Frankincense

Chinese: 乳香

Pinyin: Rǔ Xiānɡ

Parts used: An aromatic resin obtained from boswellia trees

TCM category: Herbs that invigorate the Blood

TCM nature: Warm

TCM taste(s): BitterPungent

Meridian affinity: SpleenHeartLiver

Scientific name: Boswellia sacra resin, Boswellia serrata resin

Use of frankincense (Ru Xiang) in TCM

Please note that you should never self-prescribe TCM ingredients. A TCM ingredient is almost never eaten on its own but as part of a formula containing several ingredients that act together. Please consult a professional TCM practitionner, they will be best able to guide you.

Preparation: Cut the tree barks and wait for the resin to appear. Dry the obtained resin.

Dosage: 3 - 9 grams

Main actions according to TCM*: Moves Blood and Qi and relieves pain. Disperses Wind-Damp from the Meridians and relaxes the sinews. Reduces swelling and aids in wound healing.

Primary conditions or symptoms for which frankincense may be prescribed by TCM doctors*: traumatic bleeding Traumatic swelling Sores Carbuncles Ulcers Dysmenorrhea Abdominal pain

Contraindications*: This herb should not be used by pregnant women and should be used with caution by those with Spleen Deficiency.

Common TCM formulas in which frankincense are used*:

Key TCM concepts behind frankincense (Ru Xiang)'s properties

In Traditional Chinese Medicine (TCM), frankincense are plants that belong to the 'Herbs that invigorate the Blood' category. Like the name indicates these herbs tend to stimulate the Blood flow. In TCM they're used to help the circulation of Blood in cardiovascular conditions or menstrual irregularities as well as to treat acute pains caused by Blood Stagnation. They can also be used to treat Blood Stasis in the case of certain tumors, cysts and hardened clots.

Furthermore frankincense are plants that are Warm in nature. This means that frankincense tend to help people who have too much "cold" in their body, although with less effect than a plant that would be Hot in nature. Balance between Yin and Yang is a key health concept in TCM. Those who have too much cold in their body are said to either have a Yin excess (because Yin is Cold in nature) or a Yang deficiency (Yang is Hot in Nature). Depending on your condition frankincense can help restore a harmonious balance between Yin and Yang.

Frankincense also taste Bitter and Pungent. The so-called "five elements" theory in Chinese Medicine states that the taste of TCM ingredients is a key determinant of their action in the body. Bitter ingredients like frankincense tend to have a cleansing action on the body by clearing heat, drying dampness and promoting elimination via urination or bowel movements. On the other hand Pungent ingredients tend to promote the circulations of Qi and body fluids. That's why for instance someone tends to sweat a lot when they eat spicy/pungent food.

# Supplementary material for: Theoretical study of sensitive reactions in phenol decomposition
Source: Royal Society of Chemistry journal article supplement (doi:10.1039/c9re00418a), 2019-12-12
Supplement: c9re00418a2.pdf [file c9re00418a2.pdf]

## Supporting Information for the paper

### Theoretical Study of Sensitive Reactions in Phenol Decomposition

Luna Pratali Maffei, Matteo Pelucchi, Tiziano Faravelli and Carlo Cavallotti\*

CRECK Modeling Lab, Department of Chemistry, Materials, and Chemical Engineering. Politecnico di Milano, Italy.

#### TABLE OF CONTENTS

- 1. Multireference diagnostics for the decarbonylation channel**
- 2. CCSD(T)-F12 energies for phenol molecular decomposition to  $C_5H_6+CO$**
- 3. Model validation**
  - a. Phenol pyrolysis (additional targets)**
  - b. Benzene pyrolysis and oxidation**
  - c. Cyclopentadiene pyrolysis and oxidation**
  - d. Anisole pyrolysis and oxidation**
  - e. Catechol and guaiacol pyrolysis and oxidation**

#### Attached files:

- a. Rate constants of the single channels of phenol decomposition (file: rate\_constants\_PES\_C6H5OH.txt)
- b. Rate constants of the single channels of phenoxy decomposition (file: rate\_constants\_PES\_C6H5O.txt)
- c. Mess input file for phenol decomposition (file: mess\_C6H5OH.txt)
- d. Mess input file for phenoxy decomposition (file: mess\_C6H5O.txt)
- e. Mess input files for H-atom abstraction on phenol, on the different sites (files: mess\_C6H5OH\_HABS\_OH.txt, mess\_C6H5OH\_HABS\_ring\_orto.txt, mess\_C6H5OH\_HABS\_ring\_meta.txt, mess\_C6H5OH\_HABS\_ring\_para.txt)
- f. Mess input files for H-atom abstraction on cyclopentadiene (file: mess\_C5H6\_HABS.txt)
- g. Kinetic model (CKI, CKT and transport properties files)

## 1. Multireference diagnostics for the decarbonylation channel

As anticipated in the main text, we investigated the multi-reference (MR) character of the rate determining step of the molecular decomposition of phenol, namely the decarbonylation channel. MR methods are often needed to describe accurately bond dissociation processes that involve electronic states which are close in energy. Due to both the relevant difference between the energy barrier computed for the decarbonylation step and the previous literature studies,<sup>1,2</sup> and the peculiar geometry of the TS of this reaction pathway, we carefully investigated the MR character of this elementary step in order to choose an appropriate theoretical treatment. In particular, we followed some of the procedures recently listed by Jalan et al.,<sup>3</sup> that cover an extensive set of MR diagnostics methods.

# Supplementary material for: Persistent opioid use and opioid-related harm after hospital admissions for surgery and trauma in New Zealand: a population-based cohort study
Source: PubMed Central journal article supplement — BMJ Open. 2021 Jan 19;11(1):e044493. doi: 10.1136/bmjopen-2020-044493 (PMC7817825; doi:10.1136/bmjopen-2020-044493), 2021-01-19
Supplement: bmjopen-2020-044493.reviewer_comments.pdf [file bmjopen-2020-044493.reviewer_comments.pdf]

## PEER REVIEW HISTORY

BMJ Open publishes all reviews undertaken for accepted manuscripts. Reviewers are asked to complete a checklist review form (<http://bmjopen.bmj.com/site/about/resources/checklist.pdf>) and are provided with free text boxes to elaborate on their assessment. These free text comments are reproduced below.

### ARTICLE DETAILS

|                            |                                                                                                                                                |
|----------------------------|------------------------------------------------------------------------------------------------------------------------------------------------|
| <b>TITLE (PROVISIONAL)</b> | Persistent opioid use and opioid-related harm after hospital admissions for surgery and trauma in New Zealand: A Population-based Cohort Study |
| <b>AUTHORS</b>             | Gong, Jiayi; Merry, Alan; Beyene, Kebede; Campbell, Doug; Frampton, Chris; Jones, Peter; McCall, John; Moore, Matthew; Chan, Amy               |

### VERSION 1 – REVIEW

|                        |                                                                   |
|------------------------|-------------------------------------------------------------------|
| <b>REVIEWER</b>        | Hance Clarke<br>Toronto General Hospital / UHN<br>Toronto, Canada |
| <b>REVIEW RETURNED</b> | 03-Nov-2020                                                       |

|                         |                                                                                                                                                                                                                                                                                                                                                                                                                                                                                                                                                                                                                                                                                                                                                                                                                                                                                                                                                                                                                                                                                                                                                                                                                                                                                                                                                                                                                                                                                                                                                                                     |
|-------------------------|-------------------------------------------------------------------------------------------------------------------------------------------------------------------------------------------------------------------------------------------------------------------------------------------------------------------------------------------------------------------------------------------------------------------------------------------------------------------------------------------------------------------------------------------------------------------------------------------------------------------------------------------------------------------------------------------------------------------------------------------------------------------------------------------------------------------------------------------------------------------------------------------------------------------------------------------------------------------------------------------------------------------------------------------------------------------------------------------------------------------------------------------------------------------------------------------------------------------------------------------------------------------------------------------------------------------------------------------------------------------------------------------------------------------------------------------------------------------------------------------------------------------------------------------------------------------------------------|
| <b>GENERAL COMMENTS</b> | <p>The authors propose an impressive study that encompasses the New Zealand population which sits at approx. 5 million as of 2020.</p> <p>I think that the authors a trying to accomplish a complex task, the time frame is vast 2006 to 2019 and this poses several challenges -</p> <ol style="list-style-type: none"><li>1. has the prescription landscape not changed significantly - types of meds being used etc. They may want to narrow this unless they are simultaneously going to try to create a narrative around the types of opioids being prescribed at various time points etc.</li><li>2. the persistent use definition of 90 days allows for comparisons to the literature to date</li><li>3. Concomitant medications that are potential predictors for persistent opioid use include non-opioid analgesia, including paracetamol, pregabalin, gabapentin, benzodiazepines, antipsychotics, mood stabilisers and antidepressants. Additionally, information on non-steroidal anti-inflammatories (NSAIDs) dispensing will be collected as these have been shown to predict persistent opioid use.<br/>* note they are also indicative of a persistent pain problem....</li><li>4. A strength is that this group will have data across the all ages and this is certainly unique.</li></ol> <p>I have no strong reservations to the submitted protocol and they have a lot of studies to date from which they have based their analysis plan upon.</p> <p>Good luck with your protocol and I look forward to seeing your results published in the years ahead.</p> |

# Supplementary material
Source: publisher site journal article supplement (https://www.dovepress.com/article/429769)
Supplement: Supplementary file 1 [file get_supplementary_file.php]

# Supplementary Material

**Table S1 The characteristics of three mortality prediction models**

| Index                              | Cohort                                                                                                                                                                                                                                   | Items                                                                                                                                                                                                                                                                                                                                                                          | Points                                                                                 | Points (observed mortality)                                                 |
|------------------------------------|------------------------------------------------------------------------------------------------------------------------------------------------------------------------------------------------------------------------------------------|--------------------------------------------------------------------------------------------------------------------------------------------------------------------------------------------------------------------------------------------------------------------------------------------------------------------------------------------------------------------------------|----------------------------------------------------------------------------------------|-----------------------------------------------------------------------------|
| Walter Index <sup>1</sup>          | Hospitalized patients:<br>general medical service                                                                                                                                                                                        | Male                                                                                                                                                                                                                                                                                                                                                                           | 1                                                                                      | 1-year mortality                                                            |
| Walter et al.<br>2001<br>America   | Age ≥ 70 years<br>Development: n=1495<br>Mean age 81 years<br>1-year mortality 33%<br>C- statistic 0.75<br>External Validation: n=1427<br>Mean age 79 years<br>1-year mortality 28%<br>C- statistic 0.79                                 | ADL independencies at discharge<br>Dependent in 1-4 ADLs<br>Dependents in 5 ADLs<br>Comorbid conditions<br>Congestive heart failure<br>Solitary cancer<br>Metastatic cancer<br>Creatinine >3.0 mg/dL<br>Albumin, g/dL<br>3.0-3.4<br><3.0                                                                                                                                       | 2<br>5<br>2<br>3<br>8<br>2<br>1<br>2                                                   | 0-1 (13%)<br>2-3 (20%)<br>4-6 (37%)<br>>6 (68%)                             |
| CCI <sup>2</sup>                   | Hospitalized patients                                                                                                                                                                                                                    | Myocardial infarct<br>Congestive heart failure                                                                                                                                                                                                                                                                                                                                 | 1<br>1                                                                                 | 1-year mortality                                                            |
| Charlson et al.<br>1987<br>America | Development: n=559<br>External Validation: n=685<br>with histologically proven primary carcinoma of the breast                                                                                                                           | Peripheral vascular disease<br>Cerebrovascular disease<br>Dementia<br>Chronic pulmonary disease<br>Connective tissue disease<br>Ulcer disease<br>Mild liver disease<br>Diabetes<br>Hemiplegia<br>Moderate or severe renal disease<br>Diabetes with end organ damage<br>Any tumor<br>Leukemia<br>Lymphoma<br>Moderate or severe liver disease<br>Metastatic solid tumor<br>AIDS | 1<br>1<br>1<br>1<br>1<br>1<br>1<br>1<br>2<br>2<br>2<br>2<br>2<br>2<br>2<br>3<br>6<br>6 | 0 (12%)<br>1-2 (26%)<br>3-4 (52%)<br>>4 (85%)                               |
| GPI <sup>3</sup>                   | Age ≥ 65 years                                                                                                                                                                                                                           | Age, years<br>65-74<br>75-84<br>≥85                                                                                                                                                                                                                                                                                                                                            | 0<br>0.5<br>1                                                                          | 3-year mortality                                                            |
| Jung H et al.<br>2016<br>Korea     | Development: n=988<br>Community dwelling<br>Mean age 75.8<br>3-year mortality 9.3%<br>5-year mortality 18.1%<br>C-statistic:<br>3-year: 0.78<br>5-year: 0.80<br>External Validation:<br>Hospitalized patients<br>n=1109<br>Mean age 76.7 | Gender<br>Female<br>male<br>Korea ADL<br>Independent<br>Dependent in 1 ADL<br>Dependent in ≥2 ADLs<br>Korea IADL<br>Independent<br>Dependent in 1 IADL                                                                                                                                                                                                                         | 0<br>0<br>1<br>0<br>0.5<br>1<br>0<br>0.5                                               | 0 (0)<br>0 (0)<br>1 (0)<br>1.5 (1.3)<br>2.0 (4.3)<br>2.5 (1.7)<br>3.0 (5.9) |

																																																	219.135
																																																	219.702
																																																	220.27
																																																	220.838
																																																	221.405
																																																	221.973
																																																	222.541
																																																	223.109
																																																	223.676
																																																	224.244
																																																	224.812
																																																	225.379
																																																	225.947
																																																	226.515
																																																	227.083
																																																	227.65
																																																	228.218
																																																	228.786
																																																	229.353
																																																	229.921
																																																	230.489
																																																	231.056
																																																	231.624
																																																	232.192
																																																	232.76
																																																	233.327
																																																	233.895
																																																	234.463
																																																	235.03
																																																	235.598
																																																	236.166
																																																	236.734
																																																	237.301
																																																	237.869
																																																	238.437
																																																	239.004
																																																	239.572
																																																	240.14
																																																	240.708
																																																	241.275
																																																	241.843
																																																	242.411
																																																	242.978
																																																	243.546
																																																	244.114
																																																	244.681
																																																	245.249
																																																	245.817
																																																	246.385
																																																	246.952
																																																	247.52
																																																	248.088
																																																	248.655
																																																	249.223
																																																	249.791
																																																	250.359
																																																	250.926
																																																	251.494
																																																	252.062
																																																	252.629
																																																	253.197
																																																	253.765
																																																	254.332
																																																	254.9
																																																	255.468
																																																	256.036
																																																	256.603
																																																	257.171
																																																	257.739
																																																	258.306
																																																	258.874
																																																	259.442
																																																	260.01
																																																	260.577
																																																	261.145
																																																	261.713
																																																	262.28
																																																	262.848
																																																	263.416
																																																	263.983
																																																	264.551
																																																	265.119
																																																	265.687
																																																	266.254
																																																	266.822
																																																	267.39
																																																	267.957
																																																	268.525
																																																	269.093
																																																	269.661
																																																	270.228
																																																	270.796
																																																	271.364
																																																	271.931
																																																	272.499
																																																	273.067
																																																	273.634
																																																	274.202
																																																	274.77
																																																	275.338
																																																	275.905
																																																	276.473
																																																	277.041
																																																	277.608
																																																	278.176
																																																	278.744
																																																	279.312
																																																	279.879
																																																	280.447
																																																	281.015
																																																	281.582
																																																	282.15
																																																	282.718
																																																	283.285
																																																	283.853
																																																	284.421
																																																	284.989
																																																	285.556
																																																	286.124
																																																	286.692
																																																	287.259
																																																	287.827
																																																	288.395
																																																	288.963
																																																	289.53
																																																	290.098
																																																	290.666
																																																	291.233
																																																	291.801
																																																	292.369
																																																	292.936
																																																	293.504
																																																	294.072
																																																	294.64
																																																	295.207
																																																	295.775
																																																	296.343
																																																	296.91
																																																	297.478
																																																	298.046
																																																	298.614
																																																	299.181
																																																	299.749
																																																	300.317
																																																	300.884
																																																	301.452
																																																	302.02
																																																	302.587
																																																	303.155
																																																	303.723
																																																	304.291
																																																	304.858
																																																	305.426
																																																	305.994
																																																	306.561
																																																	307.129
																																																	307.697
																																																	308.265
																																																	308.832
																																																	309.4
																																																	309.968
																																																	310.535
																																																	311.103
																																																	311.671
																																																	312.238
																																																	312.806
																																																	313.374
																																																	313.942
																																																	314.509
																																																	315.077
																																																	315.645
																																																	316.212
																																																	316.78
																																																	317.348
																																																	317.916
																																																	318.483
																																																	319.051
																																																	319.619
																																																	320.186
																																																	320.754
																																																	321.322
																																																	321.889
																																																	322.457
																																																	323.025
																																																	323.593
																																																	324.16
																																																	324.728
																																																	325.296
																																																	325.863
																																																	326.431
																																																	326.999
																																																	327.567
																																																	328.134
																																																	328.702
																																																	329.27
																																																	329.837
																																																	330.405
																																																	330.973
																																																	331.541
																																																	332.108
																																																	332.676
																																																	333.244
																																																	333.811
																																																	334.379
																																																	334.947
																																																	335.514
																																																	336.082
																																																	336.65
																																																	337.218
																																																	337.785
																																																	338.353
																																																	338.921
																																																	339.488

The tastes of ingredients in TCM also determine what organs and meridians they target. As such frankincense are thought to target the Spleen, the Heart and the Liver. In TCM the Spleen assists with digestion, blood coagulation and fluid metabolism in the body. In addition to regulating blood flow, the Heart is believed to be the store of the "spirit" which basically refers to someone's vitality. The Liver is often referred as the body's "general" because it is in charge of regulating the movements of Qi and body fluids. It also takes a leading role in balancing our emotions.

Research on frankincense (Ru Xiang)

Frankincense was shown to exert significant anti‐inflammatory and pro‐apoptotic activity in many assays: in vitro, in vivo and in clinical trials. Furthermore incensole acetate, a major components of Boswellia resin, exerts a robust neuroprotective effect after brain trauma and has anti‐depressive and anxiolytic effects in mice.1

A veterinary clinical trial on dogs showed that Frankincense had evident efficacy in the treatment of chronic joint and spinal disease with osteoarthritis and degenerative conditions.2

Sources:

1. Moussaieff, A. and Mechoulam, R. (2009), Boswellia resin: from religious ceremonies to medical uses; a review of in‐vitro, in‐vivo and clinical trials. Journal of Pharmacy and Pharmacology, 61: 1281-1293. doi:10.1211/jpp.61.10.0003

2. J. Reichling, H. Schmökel, J. Fitzi, S. Bucher, R. Saller (2004). Dietary support with Boswellia resin in canine inflammatory joint and spinal disease. Schweizer Archiv für Tierheilkunde, 146, pp. 71-79. DOI: https://doi.org/10.1024/0036-7281.146.2.71.